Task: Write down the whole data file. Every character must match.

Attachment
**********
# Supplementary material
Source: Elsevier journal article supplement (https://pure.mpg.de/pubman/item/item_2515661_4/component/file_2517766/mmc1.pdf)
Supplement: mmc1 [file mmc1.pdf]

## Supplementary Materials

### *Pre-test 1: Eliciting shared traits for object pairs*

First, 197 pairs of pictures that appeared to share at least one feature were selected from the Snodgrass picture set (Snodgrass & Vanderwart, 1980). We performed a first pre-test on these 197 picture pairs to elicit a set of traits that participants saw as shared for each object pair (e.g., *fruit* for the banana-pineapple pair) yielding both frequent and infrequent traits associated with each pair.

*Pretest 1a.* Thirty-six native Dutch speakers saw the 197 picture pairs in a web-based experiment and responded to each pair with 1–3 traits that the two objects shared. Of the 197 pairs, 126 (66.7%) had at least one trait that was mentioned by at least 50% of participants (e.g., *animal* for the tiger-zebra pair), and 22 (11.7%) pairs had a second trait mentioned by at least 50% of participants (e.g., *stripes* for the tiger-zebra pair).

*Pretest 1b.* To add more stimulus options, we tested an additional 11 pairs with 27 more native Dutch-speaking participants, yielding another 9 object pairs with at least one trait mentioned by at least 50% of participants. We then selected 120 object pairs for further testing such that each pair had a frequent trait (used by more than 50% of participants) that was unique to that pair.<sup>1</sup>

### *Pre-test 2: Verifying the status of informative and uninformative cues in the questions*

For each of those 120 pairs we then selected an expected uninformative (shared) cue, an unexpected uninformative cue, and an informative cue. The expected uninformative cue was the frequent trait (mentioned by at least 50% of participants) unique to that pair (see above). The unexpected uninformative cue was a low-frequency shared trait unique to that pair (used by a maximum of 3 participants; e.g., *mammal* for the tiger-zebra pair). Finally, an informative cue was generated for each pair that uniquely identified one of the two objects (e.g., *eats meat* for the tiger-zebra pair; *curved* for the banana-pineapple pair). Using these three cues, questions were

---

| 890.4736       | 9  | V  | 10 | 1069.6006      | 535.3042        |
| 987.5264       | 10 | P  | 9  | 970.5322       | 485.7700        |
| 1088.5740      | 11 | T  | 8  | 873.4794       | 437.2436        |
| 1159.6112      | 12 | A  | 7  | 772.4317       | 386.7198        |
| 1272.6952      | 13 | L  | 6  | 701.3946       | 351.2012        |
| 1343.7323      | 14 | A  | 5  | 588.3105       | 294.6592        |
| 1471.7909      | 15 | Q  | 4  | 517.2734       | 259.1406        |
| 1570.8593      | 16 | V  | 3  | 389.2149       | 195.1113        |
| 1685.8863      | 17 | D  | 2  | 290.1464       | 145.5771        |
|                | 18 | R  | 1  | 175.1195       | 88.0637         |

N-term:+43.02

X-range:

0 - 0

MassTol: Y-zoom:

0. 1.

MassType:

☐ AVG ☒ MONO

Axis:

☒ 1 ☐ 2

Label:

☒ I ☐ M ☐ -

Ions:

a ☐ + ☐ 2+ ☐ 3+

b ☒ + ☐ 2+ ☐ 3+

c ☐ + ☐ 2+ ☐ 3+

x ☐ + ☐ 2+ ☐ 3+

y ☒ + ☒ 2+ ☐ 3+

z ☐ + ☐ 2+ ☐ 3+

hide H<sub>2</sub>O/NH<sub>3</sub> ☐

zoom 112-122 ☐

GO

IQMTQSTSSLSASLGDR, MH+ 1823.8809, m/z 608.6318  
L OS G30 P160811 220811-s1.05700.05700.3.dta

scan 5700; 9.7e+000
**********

# Supplementary material
Source: Elsevier journal article supplement (https://pure.mpg.de/pubman/item/item_2515661_4/component/file_2517766/mmc1.pdf)
Supplement: mmc1 [file mmc1.pdf]

## Supplementary Materials

### *Pre-test 1: Eliciting shared traits for object pairs*

First, 197 pairs of pictures that appeared to share at least one feature were selected from the Snodgrass picture set (Snodgrass & Vanderwart, 1980). We performed a first pre-test on these 197 picture pairs to elicit a set of traits that participants saw as shared for each object pair (e.g., *fruit* for the banana-pineapple pair) yielding both frequent and infrequent traits associated with each pair.

*Pretest 1a.* Thirty-six native Dutch speakers saw the 197 picture pairs in a web-based experiment and responded to each pair with 1–3 traits that the two objects shared. Of the 197 pairs, 126 (66.7%) had at least one trait that was mentioned by at least 50% of participants (e.g., *animal* for the tiger-zebra pair), and 22 (11.7%) pairs had a second trait mentioned by at least 50% of participants (e.g., *stripes* for the tiger-zebra pair).

*Pretest 1b.* To add more stimulus options, we tested an additional 11 pairs with 27 more native Dutch-speaking participants, yielding another 9 object pairs with at least one trait mentioned by at least 50% of participants. We then selected 120 object pairs for further testing such that each pair had a frequent trait (used by more than 50% of participants) that was unique to that pair.<sup>1</sup>

### *Pre-test 2: Verifying the status of informative and uninformative cues in the questions*

For each of those 120 pairs we then selected an expected uninformative (shared) cue, an unexpected uninformative cue, and an informative cue. The expected uninformative cue was the frequent trait (mentioned by at least 50% of participants) unique to that pair (see above). The unexpected uninformative cue was a low-frequency shared trait unique to that pair (used by a maximum of 3 participants; e.g., *mammal* for the tiger-zebra pair). Finally, an informative cue was generated for each pair that uniquely identified one of the two objects (e.g., *eats meat* for the tiger-zebra pair; *curved* for the banana-pineapple pair). Using these three cues, questions were

---

| 890.4736       | 9  | V  | 10 | 1069.6006      | 535.3042        |
| 987.5264       | 10 | P  | 9  | 970.5322       | 485.7700        |
| 1088.5740      | 11 | T  | 8  | 873.4794       | 437.2436        |
| 1159.6112      | 12 | A  | 7  | 772.4317       | 386.7198        |
| 1272.6952      | 13 | L  | 6  | 701.3946       | 351.2012        |
| 1343.7323      | 14 | A  | 5  | 588.3105       | 294.6592        |
| 1471.7909      | 15 | Q  | 4  | 517.2734       | 259.1406        |
| 1570.8593      | 16 | V  | 3  | 389.2149       | 195.1113        |
| 1685.8863      | 17 | D  | 2  | 290.1464       | 145.5771        |
|                | 18 | R  | 1  | 175.1195       | 88.0637         |

N-term:+43.02

X-range:

0 - 0

MassTol: Y-zoom:

0. 1.

MassType:

☐ AVG ☒ MONO

Axis:

☒ 1 ☐ 2

Label:

☒ I ☐ M ☐ -

Ions:

a ☐ + ☐ 2+ ☐ 3+

b ☒ + ☐ 2+ ☐ 3+

c ☐ + ☐ 2+ ☐ 3+

x ☐ + ☐ 2+ ☐ 3+

y ☒ + ☒ 2+ ☐ 3+

z ☐ + ☐ 2+ ☐ 3+

hide H<sub>2</sub>O/NH<sub>3</sub> ☐

zoom 112-122 ☐

GO

IQMTQSTSSLSASLGDR, MH+ 1823.8809, m/z 608.6318  
L OS G30 P160811 220811-s1.05700.05700.3.dta

scan 5700; 9.7e+000